Despite its power to move the soul, awe is one of our most under-rated and under-explored emotions. Nor is it likely to get any better; for technology is killing awe. Always-on connectivity can trap us inside a small and slowly diminishing, world. Those carefully constructed information silos crafted by the algorithms that underpin social media can all too easily create a ‘small world’ that is the antithesis of awe. You can disappear down a rabbit-hole of your own making (with a little help from your phone). The Internet may contain countless opportunities to become inspired by awe, but the corporations that control many of its gateways don’t want that. Awe is dangerous. It has the power to liberate you. And free spirits’ endanger profits.

Our education systems, too, are slowly killing awe. They have become too focused on achieving benchmarks and results at the expense of curiosity, creativity, and awe. To get a feel for this, look at how science, maths and art are taught. Children are no longer allowed to explore and risk ‘failure’ but are instead force-fed facts. There is a checklist of items that they need to know to pass exams, so that is what they are taught. It means they learn to jump through the necessary hoops rather than gain true knowledge and wisdom. Great art, science, technology and maths are genuinely awe-inspiring. Learning facts is not. Discovering something new to you through experimentation is thrilling. Being told that something is ‘great’ or ‘important’ is not. But not only that, such an approach closes down the mind and stifles curiosity. Awe never gets a look in.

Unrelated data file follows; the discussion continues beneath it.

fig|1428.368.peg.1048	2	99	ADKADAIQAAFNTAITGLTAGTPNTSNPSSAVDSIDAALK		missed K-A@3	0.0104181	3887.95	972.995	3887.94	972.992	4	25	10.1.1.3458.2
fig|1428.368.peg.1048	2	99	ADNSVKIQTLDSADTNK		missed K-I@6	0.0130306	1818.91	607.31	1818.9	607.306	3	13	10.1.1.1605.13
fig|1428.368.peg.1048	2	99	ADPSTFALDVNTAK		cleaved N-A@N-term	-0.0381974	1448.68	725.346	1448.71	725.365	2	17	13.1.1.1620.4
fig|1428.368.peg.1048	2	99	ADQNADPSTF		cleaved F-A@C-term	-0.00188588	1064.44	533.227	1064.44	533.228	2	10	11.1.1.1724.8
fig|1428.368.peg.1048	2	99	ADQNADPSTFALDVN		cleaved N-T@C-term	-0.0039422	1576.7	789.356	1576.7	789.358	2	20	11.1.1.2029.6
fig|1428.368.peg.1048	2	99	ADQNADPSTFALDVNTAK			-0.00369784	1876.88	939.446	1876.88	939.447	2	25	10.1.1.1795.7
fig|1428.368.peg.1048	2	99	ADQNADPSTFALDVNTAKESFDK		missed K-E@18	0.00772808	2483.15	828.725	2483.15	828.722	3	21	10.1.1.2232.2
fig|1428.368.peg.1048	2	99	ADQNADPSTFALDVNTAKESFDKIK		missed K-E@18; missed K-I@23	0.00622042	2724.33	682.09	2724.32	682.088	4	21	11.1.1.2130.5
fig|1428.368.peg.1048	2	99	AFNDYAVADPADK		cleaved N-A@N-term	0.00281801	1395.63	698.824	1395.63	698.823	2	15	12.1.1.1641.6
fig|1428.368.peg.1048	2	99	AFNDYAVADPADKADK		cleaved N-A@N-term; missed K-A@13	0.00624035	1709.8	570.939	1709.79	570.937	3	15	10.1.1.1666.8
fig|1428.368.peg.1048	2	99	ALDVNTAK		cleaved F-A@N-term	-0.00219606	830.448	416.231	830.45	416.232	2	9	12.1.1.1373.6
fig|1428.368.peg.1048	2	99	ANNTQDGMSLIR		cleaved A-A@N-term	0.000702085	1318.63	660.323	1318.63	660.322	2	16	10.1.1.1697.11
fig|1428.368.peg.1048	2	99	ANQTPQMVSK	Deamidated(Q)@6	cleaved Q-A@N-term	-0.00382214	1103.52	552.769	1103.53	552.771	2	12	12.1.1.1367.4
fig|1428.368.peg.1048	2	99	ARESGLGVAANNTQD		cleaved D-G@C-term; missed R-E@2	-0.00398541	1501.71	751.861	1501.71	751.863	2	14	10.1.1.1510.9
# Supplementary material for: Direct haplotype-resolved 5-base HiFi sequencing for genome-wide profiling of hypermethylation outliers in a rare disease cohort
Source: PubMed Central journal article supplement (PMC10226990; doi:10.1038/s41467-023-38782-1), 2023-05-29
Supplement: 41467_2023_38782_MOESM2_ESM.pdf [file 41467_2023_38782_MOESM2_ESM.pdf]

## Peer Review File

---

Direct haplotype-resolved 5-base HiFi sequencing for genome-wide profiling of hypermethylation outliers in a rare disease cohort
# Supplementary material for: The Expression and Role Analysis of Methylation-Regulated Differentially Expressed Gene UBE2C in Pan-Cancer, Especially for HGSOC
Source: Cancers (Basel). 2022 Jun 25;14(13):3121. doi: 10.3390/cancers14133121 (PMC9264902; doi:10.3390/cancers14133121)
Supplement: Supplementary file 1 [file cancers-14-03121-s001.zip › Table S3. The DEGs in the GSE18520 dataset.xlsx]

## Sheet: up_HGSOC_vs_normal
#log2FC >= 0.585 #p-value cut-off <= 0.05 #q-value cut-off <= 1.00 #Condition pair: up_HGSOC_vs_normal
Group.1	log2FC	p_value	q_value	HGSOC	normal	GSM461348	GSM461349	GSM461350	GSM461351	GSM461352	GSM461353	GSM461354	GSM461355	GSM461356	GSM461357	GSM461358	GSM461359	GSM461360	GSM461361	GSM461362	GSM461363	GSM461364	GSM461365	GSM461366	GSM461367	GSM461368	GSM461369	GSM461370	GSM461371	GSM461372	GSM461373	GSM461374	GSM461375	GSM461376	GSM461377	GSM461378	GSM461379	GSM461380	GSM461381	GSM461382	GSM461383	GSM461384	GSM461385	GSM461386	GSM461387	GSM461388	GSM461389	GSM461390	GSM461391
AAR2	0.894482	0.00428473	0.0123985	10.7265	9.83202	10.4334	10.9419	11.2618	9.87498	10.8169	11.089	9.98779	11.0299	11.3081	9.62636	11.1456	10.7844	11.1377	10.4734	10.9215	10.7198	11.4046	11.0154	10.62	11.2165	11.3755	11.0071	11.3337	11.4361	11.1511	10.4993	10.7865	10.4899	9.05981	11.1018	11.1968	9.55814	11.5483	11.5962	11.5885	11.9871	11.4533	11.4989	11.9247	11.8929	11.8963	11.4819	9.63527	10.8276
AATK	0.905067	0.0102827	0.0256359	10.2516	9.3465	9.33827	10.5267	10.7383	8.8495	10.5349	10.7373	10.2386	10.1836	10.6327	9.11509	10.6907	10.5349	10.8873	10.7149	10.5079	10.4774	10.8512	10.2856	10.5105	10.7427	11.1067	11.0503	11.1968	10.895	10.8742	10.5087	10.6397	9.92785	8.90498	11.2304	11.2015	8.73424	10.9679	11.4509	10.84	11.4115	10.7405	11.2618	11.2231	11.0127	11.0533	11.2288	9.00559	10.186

And this is compounded by identikit housing, bland workplaces, ‘safe’ architecture and our increasingly homogenised cityscapes. Sometimes we need to be slapped in the face as we walk down the street. Say what you will about 60s architecture and town planning, but it was anything but bland. British Brutalism and its equally terrible global architectural spin-offs was truly awful, but it’s a great conversation-starter. You come alive when faced with the ugly and the brutal. A frisson of annoyance anyone? Sometimes exasperation is good for the soul (but only if you take the time to pay attention and to savour it).

We need to rediscover the messy, the dirty, the disorganised, the non-sensical and the completely bonkers. We need to go berserk and enjoy life in all of its chaotic beauty. We need to experience the bigger world that lies just beyond our fingertips. In short, we need to feel a little awe each day.

Thankfully, awe is an easy emotion to cultivate. You simply need to pay attention, become a little more mindful, and very quickly you will begin to feel the prickle of awe as it rises from the heart and washes over the soul. So today, do the unexpected, take a risk, and march off into the unknown. Dare to be inspired by awe. You could drive into the hills, to a lake, or to the sea. Or perhaps take a bus or a train ten miles from your home and then walk back. Whatever you do, pay attention to what you find. Open your eyes and ears. Notice any sights, sounds or smells that are around. Feel everything. And when you find the unexpected, feel a sense of awe washing over you.

Or try this, my favourite little exercise, to rekindle your sense of awe…. It’s taken from my recent book ‘The Art of Breathing’. You can adapt the principles to just about any situation.


Go outside on a starry night.

  • Take off your shoes and socks. Feel the ground beneath your feet.